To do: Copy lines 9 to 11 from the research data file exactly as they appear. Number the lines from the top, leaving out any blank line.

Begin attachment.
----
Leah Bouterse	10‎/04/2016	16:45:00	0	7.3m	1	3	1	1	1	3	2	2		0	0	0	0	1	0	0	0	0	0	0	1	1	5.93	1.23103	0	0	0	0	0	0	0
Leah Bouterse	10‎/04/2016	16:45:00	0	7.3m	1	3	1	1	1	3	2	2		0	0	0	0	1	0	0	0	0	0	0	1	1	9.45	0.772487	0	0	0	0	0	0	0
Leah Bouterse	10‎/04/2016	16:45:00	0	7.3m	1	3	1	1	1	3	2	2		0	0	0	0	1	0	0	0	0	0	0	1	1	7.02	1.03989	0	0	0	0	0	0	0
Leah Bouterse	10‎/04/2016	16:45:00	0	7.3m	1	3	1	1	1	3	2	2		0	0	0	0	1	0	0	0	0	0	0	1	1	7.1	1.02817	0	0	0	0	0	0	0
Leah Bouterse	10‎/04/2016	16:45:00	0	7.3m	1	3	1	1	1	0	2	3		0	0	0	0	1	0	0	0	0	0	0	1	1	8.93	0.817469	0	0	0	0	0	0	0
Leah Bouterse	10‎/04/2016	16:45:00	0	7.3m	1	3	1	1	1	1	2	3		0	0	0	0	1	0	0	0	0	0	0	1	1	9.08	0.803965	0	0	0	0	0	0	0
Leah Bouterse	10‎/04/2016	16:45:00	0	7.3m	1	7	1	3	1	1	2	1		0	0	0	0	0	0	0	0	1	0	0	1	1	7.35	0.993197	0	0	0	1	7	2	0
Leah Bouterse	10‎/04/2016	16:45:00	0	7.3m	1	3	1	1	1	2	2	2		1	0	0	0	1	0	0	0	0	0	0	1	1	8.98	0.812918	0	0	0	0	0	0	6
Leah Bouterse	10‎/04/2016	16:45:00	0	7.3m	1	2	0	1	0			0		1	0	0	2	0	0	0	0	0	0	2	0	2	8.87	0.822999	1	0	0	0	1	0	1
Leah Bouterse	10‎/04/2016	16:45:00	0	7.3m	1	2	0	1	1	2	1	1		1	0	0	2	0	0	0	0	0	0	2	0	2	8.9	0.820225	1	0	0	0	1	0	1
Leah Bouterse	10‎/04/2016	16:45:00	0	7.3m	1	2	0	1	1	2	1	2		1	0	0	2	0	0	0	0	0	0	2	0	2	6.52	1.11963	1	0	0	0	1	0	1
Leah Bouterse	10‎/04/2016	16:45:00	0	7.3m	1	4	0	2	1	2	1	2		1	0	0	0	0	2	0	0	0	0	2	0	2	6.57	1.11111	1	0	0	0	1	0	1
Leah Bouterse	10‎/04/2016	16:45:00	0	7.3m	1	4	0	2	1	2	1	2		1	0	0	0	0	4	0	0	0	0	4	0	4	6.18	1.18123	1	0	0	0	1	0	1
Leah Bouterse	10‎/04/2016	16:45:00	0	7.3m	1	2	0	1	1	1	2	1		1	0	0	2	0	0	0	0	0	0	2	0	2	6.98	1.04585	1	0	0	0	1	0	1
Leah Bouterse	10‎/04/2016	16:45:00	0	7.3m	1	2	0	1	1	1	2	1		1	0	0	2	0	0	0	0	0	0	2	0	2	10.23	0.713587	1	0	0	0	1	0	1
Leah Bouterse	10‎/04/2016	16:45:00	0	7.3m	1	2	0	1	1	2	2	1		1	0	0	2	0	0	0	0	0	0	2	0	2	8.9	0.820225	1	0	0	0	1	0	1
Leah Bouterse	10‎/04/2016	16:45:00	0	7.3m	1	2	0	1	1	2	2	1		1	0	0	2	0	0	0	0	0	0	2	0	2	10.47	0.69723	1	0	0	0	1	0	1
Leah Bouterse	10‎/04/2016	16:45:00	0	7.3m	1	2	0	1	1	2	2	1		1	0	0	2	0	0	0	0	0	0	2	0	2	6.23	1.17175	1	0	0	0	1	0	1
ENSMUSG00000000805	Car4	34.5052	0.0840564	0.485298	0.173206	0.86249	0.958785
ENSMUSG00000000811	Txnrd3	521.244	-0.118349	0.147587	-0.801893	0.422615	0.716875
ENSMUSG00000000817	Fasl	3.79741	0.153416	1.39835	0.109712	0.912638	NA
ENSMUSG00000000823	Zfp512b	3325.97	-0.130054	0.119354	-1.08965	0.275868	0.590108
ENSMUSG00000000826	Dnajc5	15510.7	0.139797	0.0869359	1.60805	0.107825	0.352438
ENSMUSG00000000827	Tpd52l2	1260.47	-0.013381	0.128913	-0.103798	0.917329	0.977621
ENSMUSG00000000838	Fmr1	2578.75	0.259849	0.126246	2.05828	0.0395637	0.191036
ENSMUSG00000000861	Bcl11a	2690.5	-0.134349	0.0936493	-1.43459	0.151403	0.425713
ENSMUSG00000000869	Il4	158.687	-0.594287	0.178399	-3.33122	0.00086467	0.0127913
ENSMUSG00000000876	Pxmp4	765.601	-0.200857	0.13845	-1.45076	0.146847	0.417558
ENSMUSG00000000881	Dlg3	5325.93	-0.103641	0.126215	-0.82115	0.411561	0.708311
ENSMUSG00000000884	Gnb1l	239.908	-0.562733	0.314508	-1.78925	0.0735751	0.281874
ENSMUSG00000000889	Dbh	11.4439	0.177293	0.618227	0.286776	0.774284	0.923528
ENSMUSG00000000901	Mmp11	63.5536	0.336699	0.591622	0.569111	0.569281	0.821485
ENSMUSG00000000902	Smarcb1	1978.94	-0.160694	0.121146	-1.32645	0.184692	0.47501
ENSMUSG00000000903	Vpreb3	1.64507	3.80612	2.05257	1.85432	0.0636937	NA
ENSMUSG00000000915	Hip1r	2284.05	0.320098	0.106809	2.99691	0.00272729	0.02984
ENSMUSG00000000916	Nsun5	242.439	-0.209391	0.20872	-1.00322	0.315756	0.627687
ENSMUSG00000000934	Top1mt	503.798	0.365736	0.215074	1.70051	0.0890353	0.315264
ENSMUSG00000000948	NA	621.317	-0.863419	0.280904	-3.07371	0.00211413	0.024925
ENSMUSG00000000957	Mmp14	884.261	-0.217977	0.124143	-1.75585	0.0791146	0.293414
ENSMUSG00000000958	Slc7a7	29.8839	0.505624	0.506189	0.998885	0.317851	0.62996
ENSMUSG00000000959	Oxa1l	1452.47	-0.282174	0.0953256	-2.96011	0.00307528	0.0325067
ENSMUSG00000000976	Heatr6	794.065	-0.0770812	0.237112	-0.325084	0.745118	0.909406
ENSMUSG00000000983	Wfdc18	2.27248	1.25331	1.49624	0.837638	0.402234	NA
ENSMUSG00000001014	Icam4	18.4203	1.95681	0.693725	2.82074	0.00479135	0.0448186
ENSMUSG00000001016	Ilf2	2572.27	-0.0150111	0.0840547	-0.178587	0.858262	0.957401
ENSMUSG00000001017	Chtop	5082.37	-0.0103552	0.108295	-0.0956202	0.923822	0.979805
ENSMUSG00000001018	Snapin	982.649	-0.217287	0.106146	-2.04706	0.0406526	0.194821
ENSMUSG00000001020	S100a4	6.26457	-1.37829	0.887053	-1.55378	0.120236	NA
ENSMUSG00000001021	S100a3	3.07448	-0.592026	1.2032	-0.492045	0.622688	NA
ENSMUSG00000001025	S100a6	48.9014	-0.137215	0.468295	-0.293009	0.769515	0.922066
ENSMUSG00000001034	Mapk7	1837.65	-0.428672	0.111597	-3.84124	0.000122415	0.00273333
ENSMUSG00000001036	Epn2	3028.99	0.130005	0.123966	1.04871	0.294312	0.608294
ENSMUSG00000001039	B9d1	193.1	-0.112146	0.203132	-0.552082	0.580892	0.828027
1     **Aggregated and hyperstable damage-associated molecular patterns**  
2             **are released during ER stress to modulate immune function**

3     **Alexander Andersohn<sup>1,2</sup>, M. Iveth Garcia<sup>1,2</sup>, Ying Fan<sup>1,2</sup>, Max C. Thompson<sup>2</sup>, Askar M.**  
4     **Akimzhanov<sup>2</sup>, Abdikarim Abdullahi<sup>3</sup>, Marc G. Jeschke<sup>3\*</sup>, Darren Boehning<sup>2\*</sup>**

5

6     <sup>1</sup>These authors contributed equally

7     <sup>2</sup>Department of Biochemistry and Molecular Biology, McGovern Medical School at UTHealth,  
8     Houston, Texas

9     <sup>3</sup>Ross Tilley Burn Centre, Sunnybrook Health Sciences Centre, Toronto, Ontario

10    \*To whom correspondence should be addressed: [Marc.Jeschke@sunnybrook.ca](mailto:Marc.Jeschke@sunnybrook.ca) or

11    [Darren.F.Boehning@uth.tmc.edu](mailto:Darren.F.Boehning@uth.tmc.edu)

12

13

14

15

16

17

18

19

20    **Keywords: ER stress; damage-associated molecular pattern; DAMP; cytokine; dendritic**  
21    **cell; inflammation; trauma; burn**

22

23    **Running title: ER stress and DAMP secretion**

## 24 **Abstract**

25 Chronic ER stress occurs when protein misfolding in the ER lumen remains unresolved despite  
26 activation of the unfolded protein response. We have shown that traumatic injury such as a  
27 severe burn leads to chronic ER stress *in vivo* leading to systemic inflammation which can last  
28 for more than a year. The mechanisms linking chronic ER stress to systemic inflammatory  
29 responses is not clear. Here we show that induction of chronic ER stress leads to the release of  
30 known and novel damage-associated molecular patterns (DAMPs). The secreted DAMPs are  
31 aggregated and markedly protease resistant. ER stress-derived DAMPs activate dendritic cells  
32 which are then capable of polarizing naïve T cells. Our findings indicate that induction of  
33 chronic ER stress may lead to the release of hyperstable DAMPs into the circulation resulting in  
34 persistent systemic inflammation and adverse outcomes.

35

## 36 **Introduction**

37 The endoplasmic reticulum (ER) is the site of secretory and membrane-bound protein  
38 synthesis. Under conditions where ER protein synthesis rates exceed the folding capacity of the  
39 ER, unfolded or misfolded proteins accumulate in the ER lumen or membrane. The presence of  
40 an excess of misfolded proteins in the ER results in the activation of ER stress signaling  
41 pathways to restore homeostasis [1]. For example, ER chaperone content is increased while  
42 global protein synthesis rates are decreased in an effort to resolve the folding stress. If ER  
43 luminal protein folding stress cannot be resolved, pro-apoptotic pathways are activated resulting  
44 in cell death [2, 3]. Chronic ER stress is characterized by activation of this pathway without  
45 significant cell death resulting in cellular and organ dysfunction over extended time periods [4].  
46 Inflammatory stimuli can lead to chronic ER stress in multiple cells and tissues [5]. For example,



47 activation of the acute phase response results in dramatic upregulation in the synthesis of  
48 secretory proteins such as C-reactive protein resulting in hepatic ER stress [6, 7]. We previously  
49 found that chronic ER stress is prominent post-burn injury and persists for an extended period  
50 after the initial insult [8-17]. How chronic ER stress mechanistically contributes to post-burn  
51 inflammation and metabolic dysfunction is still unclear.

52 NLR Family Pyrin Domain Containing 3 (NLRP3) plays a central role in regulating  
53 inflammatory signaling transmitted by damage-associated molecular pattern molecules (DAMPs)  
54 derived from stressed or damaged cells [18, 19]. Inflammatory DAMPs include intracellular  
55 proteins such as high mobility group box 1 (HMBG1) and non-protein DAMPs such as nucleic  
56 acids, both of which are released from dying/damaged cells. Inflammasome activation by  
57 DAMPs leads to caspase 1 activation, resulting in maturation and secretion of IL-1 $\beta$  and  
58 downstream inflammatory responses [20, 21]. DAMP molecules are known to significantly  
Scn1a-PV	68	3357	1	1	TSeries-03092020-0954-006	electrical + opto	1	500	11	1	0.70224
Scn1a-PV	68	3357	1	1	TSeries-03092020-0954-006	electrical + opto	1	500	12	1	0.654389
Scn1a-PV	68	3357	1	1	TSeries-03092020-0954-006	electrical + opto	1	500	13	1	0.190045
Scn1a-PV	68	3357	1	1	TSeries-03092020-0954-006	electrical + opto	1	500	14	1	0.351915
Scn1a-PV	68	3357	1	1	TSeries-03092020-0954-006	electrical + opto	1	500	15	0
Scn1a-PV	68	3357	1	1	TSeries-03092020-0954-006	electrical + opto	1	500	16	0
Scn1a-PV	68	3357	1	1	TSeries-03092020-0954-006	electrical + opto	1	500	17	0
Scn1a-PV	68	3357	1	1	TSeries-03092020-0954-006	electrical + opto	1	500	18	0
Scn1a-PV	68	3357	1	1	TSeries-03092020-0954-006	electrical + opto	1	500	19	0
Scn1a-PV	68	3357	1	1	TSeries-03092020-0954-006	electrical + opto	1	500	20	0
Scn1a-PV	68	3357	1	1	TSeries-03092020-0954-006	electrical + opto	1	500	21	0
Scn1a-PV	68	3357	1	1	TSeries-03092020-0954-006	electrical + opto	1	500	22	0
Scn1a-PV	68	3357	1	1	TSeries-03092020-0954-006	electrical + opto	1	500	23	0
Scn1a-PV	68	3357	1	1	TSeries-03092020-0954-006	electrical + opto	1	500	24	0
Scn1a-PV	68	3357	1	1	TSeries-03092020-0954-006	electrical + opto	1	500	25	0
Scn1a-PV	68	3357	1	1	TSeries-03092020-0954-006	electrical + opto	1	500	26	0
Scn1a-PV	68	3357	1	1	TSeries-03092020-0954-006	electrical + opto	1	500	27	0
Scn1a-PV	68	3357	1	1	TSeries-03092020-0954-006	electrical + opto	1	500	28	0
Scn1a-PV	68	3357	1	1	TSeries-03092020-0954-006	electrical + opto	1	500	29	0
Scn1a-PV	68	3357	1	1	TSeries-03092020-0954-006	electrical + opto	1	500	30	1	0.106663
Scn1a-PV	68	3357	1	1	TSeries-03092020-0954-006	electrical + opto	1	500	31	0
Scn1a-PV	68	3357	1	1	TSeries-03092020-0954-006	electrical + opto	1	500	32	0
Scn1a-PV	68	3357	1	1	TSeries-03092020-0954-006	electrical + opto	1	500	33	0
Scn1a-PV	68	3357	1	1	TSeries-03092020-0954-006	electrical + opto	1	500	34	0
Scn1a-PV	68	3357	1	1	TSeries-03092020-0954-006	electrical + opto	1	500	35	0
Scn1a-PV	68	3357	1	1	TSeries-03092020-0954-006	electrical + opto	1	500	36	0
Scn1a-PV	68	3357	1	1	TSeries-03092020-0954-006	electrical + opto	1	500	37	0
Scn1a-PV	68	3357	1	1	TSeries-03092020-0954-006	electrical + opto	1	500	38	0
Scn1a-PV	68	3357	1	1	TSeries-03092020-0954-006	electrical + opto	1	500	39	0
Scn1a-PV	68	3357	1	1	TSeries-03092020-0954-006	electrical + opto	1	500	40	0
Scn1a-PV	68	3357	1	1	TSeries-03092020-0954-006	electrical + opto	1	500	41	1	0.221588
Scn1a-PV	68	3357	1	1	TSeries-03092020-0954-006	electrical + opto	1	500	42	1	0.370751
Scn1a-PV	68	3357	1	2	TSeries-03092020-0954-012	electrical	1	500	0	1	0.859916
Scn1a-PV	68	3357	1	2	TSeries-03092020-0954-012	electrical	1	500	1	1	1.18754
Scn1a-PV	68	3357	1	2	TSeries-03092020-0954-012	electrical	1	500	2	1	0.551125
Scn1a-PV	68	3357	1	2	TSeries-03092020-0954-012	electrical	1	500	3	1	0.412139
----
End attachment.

Leah Bouterse	10‎/04/2016	16:45:00	0	7.3m	1	2	0	1	0			0		1	0	0	2	0	0	0	0	0	0	2	0	2	8.87	0.822999	1	0	0	0	1	0	1
Leah Bouterse	10‎/04/2016	16:45:00	0	7.3m	1	2	0	1	1	2	1	1		1	0	0	2	0	0	0	0	0	0	2	0	2	8.9	0.820225	1	0	0	0	1	0	1
Leah Bouterse	10‎/04/2016	16:45:00	0	7.3m	1	2	0	1	1	2	1	2		1	0	0	2	0	0	0	0	0	0	2	0	2	6.52	1.11963	1	0	0	0	1	0	1